Joseph Barringer, 55, the owner of a Florida pool cue company, pleaded guilty on 28 October in federal court in Orlando to violating the Endangered Species Act in connection with the illegal export of African elephant ivory through an online auction site.
Barringer, the owner of Cue Components, located in New Smyrna Beach, Florida, manufactured custom pool cues and parts, including parts made from elephant ivory.
His company’s Web page stated that he did not sell the products overseas – a federal offence under US law. Despite this, he sold ivory-laden pool cues to an undercover police officer from the MPS’s Wildlife Crime Unit.
The officer, who was working in coordination with special agents from the US Fish and Wildlife Service and US Immigration and Customs Enforcement, corresponded with Barringer over the internet and via telephone between May and June 2007.
A search warrant was executed at the offices of Cue Components and the defendant’s home. Federal agents seized 197 pounds of elephant ivory and cut ivory pieces, including 24 elephant tusk tips.
According to the plea agreement, there is not enough evidence to establish whether or not the ivory was illegally smuggled into the US.
However, according to papers filed in court, Barringer sent an email in November 2007 to his customers, including the MPS officer stating: "We’re loaded up and I do mean loaded up with beautiful Elephant ivory right now. We have 6 pairs of tusks sitting here (actually in storage). We’ve been buying and hoarding it because we don’t know when or where the next ones will come from. And for some reason, we’ve been fortunate in buying a lot of tusks this past year. I think we are to the point where we can now safely sell in some quantity."
Barringer was charged with a misdemeanor violation of the Endangered Species Act for knowingly engaging in trade of ivory specimens, contrary to the provisions of the Convention on International Trade in Endangered Species of Wild Fauna and Flora (CITES), and without a CITES export permit and re-export certificate as a result of his sale of the pool cue containing ivory to the undercover officer in England. The offence carries a maximum sentence of one year in prison, one year of supervised release, and a fine of up to $100,000, or twice the gross gain accruing from the crime.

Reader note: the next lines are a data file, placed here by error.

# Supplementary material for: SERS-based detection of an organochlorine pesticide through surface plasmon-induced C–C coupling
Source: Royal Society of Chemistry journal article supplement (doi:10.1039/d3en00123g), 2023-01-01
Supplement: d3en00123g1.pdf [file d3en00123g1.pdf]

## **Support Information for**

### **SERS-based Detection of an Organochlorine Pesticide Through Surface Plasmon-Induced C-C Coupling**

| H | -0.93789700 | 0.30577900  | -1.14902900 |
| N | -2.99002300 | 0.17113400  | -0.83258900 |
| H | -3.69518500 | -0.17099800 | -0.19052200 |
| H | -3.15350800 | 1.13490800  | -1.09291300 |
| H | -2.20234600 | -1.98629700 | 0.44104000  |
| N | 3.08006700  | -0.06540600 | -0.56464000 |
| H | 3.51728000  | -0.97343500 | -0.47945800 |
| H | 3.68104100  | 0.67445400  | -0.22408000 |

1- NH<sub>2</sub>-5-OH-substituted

The African elephant is listed as a threatened species under the US Endangered Species Act and is also protected by the CITES, an international treaty regulating trade on endangered species. Despite international efforts to control the ivory trade and stop the decline of elephant populations, prices and demand remain high, causing continued elephant poaching.
The Barringer investigation was conducted by special agents of the US Fish & Wildlife Service and US Immigration and Customs Enforcement with assistance from The MPS.
Barringer will be sentenced at a later date.
Sergeant Ian Knox from the MPS’s Wildlife Crime Unit said: "This result was only possible due to the high level of cooperation between UK and US law enforcement agencies involved in the fight against wildlife crime.
"This man’s greed in using elephant ivory fuels a demand that ultimately can only be sustained by killing elephants. Both our countries are end users of endangered species products and it is right that we continue to support the efforts of law enforcement to stamp out this organised criminal trade."